PatientEngagementHIT

Health IT, Internet of Things Devices Boost Patient Engagement

As healthcare continues to move into the digital age, providers need to look at the different health technologies that help them boost patient engagement.

Patient engagement and the devices, tools, and communications systems that support it have become some of the most important concepts in the healthcare space.

health-wearable-technology

By carefully implementing and directing the use of patient portals, medical devices, and the consumer-focused healthcare Internet of Things, providers are able to drive patient engagement not only with more finesse inside the doctor’s office, but keep it going outside of the office. Here are some of the best technologies to do so:

Patient Portals

Not surprisingly, patient portals are one of the most important healthcare technologies for creating a patient engagement strategy. These technological innovations give patients the opportunity to get more involved in nearly all aspects of their healthcare from the comfort of their own homes, making it easier for them to stay engaged with their health.

Patient portals are particularly beneficial to patients because they give them a window into exactly what is going on with their health. These online portals allow patients to take a look at their own health records, helping them to understand the conditions they may be managing or what kind of treatment their providers gave them when they were last sick.

Research shows that patients who are able to view their health information have an overall better sense of ownership of their healthcare. They are able to glean knowledge of their health from their portals and put it to use at future appointments, and many patients report feeling empowered in being able to do so.

Inpatient mHealth devices

While mHealth devices and digital tools are significant in maintaining patient engagement outside the walls of the doctor’s office, they also play a role in engaging patients and improving their care while in the hospital.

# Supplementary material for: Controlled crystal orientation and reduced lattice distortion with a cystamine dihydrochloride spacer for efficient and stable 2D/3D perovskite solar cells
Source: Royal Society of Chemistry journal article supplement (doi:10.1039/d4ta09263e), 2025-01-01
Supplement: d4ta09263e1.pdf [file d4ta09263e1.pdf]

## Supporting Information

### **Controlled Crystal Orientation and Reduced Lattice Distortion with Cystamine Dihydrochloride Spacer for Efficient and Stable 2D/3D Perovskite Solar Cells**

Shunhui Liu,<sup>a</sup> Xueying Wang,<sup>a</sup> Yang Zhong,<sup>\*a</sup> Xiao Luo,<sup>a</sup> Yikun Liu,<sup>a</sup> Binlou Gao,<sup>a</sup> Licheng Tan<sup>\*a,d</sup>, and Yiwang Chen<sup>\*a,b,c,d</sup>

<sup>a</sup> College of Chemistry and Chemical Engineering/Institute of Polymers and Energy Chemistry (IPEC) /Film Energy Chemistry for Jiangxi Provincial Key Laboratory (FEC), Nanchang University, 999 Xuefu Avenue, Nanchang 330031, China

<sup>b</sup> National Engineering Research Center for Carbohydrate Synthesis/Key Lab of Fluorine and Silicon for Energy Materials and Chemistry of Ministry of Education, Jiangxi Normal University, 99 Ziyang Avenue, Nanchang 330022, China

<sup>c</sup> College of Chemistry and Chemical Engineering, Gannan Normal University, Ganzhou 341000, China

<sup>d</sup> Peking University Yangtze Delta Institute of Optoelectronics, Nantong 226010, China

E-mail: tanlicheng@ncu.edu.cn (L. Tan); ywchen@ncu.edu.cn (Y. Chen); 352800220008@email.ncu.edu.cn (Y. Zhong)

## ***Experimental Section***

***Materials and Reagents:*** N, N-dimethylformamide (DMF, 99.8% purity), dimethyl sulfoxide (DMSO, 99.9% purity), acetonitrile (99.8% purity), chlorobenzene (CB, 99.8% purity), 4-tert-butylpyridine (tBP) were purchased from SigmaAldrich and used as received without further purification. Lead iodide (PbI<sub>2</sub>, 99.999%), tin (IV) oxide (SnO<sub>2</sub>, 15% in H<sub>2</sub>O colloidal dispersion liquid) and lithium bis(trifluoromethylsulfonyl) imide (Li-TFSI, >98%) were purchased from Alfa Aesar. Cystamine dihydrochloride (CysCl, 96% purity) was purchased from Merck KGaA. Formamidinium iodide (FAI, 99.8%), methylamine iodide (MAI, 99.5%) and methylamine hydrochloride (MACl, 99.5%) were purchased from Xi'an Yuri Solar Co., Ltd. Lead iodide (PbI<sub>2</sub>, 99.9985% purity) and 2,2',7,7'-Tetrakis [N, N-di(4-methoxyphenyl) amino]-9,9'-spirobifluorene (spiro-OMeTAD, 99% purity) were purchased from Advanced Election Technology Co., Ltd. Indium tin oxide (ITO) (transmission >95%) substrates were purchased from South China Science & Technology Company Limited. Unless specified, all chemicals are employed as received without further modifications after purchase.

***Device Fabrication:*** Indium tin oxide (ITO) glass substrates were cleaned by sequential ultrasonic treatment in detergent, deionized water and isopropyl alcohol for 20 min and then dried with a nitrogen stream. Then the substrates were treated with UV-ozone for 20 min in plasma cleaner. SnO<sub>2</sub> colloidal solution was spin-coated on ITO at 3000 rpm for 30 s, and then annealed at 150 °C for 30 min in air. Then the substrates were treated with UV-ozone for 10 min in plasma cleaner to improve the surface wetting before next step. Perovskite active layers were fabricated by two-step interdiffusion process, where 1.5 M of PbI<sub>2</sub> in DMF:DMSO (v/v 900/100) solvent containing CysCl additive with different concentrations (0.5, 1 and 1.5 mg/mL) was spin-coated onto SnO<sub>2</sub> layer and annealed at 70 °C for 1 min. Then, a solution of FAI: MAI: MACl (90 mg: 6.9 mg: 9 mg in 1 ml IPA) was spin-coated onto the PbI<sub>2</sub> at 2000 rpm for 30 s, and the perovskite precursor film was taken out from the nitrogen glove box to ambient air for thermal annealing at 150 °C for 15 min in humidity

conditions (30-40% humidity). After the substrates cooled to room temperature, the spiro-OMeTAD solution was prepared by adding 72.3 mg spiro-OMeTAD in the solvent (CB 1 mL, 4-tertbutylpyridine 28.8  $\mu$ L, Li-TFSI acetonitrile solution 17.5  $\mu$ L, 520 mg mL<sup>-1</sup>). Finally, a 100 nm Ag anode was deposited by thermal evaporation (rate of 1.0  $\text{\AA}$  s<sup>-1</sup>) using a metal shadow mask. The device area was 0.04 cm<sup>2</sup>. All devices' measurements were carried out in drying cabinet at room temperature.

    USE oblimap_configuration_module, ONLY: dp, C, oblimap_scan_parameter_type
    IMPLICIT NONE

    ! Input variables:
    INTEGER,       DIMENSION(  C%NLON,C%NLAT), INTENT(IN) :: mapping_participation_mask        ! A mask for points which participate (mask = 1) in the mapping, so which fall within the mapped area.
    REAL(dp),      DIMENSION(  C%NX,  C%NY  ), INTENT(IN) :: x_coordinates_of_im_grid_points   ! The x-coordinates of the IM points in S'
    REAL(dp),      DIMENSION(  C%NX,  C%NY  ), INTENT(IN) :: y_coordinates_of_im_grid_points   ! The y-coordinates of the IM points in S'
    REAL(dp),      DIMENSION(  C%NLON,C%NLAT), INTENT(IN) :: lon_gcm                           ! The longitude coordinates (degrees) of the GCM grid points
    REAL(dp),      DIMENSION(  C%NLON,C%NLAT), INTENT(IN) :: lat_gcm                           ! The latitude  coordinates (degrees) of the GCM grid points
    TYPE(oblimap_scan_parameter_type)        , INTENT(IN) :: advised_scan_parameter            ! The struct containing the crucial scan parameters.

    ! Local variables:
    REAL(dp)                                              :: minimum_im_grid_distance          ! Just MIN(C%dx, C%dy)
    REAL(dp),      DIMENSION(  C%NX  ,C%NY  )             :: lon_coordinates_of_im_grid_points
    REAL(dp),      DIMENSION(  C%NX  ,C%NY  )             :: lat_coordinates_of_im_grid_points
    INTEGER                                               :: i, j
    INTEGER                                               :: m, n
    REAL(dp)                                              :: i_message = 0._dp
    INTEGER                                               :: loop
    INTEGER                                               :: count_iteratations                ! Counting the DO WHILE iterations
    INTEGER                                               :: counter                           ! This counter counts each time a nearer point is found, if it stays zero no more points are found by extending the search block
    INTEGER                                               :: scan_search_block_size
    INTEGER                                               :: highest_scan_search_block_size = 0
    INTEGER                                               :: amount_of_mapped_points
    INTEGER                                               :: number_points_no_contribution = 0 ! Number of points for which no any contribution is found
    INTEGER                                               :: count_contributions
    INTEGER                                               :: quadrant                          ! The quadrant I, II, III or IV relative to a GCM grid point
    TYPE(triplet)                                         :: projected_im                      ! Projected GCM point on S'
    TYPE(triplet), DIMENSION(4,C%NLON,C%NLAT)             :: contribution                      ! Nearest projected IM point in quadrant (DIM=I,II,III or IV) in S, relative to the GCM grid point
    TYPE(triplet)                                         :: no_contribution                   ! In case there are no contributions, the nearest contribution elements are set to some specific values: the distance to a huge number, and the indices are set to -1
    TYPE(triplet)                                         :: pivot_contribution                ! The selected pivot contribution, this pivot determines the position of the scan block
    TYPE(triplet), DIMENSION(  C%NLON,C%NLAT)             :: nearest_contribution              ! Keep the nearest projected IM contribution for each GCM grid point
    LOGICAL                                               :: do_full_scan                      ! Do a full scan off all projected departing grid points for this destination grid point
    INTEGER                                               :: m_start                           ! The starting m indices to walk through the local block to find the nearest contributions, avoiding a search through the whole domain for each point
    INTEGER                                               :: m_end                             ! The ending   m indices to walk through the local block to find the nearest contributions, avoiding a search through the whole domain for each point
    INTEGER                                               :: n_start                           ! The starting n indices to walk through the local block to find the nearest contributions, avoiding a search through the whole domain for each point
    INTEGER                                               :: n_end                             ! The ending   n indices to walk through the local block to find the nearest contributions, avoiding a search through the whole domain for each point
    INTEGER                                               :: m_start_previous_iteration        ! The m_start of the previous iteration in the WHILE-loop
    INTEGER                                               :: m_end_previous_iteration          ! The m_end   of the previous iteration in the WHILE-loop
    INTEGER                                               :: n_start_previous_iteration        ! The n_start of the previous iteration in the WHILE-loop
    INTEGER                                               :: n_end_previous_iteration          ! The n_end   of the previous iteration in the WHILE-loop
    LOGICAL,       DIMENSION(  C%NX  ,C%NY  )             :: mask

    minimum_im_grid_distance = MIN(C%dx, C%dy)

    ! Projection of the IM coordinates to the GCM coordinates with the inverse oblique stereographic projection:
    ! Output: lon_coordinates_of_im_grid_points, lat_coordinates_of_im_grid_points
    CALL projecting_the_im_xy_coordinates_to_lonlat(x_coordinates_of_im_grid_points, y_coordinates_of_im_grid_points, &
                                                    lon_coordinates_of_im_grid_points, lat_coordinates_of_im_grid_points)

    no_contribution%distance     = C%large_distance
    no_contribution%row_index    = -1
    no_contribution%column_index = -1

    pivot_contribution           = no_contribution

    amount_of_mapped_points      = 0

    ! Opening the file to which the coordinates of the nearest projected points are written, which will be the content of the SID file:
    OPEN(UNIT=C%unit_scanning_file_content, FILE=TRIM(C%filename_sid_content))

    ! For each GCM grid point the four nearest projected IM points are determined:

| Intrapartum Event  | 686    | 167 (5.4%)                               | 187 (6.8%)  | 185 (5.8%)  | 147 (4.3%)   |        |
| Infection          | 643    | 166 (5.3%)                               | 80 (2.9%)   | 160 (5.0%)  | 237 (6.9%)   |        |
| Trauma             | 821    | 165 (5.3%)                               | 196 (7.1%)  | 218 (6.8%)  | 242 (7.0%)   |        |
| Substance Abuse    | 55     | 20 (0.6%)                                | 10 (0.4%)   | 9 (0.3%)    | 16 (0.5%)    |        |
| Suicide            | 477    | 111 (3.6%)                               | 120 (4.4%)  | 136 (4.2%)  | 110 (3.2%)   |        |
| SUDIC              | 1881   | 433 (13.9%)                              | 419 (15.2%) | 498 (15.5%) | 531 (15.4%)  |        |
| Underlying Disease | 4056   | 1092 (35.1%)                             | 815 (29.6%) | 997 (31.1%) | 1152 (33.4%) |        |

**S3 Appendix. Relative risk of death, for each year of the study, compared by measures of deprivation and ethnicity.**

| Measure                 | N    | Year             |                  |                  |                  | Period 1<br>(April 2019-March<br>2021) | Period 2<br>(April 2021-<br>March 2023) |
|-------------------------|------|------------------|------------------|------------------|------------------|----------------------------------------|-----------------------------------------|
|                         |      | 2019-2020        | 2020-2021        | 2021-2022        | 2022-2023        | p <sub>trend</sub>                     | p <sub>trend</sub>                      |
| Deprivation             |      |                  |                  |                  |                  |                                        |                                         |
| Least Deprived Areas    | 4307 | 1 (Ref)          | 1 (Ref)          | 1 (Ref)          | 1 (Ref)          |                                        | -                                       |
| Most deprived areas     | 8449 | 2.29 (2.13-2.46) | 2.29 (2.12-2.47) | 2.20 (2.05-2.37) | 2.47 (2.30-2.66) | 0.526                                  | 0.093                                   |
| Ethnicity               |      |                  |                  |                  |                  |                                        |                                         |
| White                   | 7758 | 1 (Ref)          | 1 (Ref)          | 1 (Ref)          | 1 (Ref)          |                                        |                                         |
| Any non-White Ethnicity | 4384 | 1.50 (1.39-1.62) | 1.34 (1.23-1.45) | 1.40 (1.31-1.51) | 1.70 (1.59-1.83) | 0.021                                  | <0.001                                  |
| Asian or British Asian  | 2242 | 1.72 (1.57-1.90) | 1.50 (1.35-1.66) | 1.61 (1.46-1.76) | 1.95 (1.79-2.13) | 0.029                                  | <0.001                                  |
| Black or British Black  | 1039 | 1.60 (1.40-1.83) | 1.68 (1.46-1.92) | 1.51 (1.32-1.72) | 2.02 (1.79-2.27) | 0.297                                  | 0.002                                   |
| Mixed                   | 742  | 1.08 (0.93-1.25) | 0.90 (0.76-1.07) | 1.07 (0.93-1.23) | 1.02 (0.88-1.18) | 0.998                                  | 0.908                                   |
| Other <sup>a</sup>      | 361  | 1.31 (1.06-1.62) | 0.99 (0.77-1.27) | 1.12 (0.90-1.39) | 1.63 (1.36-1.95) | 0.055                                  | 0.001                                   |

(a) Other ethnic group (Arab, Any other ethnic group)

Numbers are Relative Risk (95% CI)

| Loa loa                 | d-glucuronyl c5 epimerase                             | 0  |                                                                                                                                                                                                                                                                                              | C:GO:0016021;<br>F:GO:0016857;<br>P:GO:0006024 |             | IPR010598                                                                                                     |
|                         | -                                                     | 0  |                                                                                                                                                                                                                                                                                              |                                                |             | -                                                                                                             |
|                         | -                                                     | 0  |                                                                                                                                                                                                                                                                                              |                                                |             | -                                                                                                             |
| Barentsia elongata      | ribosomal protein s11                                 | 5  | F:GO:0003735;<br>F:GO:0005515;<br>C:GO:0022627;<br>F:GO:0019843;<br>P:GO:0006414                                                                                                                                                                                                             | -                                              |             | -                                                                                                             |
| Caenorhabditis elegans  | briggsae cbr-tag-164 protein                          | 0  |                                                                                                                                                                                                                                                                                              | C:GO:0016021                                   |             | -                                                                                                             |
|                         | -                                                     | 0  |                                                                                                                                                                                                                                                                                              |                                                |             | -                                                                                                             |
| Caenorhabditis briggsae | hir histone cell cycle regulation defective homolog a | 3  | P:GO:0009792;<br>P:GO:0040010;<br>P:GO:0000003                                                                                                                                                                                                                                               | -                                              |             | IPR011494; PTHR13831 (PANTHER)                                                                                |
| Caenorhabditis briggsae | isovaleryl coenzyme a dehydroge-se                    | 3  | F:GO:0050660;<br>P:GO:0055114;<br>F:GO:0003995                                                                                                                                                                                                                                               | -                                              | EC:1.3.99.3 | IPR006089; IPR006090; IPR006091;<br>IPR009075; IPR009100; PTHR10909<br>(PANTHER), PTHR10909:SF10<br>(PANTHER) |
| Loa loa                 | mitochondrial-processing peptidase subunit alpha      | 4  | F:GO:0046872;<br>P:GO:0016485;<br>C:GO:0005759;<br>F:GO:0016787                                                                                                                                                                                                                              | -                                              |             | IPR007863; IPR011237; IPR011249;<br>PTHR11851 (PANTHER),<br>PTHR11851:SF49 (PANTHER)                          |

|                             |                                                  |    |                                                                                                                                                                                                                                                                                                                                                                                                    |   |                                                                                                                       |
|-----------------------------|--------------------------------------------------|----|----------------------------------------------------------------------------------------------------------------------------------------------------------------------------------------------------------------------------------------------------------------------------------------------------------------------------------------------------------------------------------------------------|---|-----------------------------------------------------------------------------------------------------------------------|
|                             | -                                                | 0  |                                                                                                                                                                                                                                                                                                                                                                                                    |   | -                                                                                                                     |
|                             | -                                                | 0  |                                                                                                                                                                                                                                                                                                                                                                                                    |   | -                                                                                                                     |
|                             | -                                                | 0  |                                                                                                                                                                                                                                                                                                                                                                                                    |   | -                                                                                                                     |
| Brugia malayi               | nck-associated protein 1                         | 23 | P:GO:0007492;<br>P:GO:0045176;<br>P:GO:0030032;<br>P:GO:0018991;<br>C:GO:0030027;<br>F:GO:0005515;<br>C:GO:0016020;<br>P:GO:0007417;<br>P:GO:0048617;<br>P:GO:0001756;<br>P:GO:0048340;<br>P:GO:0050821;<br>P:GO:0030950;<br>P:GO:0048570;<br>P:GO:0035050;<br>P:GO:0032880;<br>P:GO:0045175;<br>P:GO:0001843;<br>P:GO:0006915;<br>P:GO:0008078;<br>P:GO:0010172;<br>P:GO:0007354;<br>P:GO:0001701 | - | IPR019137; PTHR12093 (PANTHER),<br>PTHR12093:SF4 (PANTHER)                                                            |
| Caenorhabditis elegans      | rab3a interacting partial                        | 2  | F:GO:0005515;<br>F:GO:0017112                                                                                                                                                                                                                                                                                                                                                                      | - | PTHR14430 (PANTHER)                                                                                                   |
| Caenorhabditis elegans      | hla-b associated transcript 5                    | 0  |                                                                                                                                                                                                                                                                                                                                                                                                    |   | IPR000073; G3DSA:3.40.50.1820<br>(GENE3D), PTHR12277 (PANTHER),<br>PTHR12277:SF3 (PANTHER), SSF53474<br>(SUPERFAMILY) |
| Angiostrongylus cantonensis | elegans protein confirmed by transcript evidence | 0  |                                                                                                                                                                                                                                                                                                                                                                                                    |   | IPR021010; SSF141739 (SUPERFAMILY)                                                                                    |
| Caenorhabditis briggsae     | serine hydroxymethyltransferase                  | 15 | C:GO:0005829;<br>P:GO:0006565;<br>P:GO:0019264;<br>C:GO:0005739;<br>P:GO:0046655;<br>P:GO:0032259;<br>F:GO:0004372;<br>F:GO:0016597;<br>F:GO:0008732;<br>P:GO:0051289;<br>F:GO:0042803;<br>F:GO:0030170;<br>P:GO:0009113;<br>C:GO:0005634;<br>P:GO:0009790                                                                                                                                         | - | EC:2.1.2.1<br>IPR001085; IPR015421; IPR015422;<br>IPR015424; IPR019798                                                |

Some of the most successful hospitals and health systems in the healthcare space are starting to realize this, and are introducing mHealth devices to patients within the hospital to help promote patient engagement and introduce them to the patient portal.

At Mercy Health, an Ohio-based health system that was named to H&HN’s 2015 Most Wired list, patient satisfaction and education rose when they installed devices in patient rooms.

“At Mercy Health, technology helps us drive better care for our patients and also allows our patients to talk with us directly and take steps to manage their own care,” said Rebecca Sykes, chief information officer at Mercy Health. “Our rollout of a bedside tablet featuring the patient portal in our inpatient facilities allows patients access to their own hospital data, such as biographies of their care team, medication interaction information and test results. This latest option for accessing electronic data has improved patient education and satisfaction.”

Patient engagement experts agree that in-hospital health technology is critical in patient education. Marcia Cheadle, RN, senior director of clinical applications at Inland Northwest Health Systems (INHS), says that providers need to be proactive in educating patients while on site. Otherwise, patient engagement falls by the wayside for many patients.